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A Revival of ‘Macbeth’ with Raul Julia Opens Off-Broadway

January 18, 1990 GMT

NEW YORK (AP) _ Any production of ″Macbeth″ with as interesting an actor as Raul Julia in the title role should be home free. The New York Shakespeare Festival’s revival, now on view at the Public Theater, is about halfway there.

The best thing about it is Julia, who plays the renegade Scottish king as a fearful monarch driven by a desire to be found out, rather than as a symbol of pure evil.

Watch his eyes. And you can in the small, tightly enclosed playing area in the Public’s Anspacher Theater. They are forever darting, never resting on one person or another. But the looks get more steely, more crazed as the killings go on, and Macbeth tries to consolidate his power.

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Julia negotiates the big soliloquies - and this play is chock full of them - with skill. His voice is strong, resonant; his manner thoughtful. There’s even a hint of dark humor as he gradually gets caught up in the bloodletting and accepts it as inevitable.

But he has little rapport with Melinda Mullins, a disappointment as Lady Macbeth. She’s supposed to be the instigator, the cheering section leading Macbeth on to those terrible deeds. But her support and cajoling is more shrewish than savage. And she has a tendency to become strident in the play’s most emotional moments.

Richard Jordan’s straightforward direction is workman-like, almost tentative. Still, there are some striking moments. Banquo’s ghost is a quite literal apparition - a walking zombie doused in blood. And when Macduff learns about the death of his wife and children, he pulls a hood over his head in grief.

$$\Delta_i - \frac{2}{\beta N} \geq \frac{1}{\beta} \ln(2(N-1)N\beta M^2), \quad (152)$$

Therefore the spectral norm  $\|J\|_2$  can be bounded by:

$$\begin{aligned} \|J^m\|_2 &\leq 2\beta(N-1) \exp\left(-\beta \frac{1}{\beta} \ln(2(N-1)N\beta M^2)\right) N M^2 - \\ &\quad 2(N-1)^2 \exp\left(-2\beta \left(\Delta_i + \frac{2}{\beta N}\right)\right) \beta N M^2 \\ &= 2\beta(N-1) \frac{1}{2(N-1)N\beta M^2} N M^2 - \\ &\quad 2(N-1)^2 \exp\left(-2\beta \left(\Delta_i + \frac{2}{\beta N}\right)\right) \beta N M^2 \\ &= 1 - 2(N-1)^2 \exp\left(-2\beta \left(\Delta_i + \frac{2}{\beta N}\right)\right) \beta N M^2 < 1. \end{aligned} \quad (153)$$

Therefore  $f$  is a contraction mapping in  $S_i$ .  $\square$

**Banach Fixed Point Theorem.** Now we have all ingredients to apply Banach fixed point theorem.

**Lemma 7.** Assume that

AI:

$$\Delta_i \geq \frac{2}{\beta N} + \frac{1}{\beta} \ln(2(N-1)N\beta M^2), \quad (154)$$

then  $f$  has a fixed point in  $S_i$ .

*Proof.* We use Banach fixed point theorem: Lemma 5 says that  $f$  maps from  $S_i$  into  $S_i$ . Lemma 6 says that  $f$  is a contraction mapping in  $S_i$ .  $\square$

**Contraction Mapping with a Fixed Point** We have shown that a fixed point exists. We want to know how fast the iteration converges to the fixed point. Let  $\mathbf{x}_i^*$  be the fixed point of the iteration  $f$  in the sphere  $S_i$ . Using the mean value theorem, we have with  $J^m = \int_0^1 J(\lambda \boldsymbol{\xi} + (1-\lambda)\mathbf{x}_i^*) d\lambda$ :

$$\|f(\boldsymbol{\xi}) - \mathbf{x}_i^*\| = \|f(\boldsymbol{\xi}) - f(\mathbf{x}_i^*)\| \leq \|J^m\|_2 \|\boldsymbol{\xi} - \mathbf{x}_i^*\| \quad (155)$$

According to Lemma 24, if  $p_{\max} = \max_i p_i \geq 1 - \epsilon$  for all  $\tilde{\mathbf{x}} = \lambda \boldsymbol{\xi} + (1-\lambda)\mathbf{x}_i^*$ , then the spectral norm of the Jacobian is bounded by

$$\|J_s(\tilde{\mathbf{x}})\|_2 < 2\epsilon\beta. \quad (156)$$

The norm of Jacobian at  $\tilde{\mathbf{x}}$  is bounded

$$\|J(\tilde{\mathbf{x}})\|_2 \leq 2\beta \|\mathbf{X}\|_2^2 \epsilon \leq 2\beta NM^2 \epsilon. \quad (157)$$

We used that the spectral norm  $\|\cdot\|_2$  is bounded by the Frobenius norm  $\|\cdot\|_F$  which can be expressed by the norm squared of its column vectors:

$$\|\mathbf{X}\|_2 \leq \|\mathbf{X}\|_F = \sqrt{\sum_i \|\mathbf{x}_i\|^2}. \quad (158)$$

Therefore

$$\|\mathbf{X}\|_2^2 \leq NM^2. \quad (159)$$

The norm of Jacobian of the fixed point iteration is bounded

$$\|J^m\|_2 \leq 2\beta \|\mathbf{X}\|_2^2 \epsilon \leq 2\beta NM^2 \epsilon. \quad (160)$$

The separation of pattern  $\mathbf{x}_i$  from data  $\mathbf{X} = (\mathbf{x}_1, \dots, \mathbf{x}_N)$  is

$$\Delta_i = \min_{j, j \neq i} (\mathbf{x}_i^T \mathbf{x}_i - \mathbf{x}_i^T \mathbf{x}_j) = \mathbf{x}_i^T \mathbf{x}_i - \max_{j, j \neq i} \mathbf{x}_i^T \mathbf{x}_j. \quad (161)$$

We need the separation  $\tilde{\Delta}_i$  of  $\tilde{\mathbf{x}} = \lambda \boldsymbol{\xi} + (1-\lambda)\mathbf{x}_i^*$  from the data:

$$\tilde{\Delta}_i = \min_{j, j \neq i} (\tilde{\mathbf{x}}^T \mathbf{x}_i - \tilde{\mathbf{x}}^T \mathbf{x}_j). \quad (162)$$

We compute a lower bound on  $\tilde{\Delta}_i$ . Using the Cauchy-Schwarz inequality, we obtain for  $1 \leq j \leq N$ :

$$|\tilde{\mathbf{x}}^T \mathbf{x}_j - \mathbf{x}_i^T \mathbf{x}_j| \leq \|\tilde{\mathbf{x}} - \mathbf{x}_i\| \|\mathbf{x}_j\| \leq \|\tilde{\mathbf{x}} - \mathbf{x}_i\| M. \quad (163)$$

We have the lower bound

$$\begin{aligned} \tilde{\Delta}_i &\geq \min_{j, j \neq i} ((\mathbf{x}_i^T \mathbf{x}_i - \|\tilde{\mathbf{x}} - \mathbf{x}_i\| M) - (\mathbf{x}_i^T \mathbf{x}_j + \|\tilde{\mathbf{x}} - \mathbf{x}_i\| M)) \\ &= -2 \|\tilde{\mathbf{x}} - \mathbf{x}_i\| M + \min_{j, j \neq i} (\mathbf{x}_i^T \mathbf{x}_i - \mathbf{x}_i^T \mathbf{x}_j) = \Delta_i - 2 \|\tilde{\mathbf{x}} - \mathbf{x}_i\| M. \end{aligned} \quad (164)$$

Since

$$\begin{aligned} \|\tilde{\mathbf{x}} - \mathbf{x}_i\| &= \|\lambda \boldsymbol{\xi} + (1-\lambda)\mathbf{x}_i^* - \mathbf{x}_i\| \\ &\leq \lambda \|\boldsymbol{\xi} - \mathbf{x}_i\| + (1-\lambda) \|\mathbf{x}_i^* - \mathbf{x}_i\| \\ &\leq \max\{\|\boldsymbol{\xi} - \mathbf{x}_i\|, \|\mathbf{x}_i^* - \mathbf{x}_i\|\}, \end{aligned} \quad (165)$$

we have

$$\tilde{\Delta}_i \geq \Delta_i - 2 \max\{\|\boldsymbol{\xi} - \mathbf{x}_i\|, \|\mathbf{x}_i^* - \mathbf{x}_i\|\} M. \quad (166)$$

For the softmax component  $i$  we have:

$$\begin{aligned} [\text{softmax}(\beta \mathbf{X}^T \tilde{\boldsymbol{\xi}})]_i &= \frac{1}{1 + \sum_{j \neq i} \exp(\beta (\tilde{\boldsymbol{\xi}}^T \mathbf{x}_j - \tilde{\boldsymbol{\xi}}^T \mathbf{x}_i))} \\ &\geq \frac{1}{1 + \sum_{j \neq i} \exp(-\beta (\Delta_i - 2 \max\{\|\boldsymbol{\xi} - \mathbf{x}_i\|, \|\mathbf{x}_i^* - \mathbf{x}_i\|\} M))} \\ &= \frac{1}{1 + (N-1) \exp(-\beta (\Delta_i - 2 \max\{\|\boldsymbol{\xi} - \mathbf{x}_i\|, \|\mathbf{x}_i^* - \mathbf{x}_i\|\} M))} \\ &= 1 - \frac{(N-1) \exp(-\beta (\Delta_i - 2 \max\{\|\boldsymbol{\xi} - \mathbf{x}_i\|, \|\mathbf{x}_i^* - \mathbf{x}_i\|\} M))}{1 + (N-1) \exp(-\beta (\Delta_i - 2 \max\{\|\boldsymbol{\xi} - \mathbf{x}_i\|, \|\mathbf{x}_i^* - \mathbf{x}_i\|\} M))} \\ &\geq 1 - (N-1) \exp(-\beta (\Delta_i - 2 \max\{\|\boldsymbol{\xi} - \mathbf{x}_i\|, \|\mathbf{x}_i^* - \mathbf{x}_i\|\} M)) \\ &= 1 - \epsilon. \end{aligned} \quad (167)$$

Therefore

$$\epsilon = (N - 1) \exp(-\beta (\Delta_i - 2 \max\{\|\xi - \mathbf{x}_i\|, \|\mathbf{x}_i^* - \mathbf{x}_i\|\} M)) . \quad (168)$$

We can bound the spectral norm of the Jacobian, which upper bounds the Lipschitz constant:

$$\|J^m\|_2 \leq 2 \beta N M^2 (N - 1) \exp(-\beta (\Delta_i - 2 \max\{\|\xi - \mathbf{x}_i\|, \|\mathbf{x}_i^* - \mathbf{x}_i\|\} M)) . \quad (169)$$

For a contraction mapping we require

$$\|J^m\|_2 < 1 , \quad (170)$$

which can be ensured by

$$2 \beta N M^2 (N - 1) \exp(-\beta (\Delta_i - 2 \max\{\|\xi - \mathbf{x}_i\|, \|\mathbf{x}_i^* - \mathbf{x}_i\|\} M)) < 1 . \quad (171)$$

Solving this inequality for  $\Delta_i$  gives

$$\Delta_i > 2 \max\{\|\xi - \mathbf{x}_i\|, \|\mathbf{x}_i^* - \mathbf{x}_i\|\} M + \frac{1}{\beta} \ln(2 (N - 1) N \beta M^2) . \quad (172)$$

But other moments don’t quite work. The three witches are reduced to a cackling Greek chorus which sporadically watches the action from behind a long wooden fence. The battle scenes are strenuously athletic. In fact, they are so exuberant and freewheeling that you fear for theatergoers sitting in the front rows.

Most of the supporting cast is strong, particularly Larry Bryggman as the doomed Banquo, Thomas Gibson as a boyish, eager Malcolm and William Converse- Roberts as the passionate Macduff.

″Macbeth″ is Shakespeare’s most desolate play, a bleak rumination on the nature of evil. You won’t be surprised or startled by the production. But there’s always Julia’s intelligence at work to keep you absorbed. He makes that evil seem very human indeed.

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Playwright Charles Fuller has staked a claim to a large segment of black history in ″We,″ the collective title for his ambitious five-play project set in the last half of 19th-century America.

Fuller’s third effort in the series, entitled ″Jonquil,″ arrived over the weekend under the auspices of the Negro Ensemble Company at off-Broadway’s Theater Four. ″Jonquil″ is the best so far, more dramatic and coherent than its predecessors, although it retains their episodic nature. Still, one longs for more character development.

In the play, set in South Carolina right after the Civil War, Fuller deals with efforts by former slaves to exercise their hard-earned right to vote. The title character is a blind black woman who still works for a white family. But most of the action concerns Calvin, a fledgling black politician who preaches a policy of passivity, and his wife Sally.

You don’t need to have seen the first two plays in the series, ″Sally″ and ″Prince,″ to fully appreciate ″Jonquil,″ but it helps. This third play is riddled with references to people in the earlier works.

The direction by Douglas Turner Ward is equally sketchy. The actors try to fill in the blanks but have little material to work with. Only Iris Little as Sally manages to create a flesh and blood character during this bare bones evening.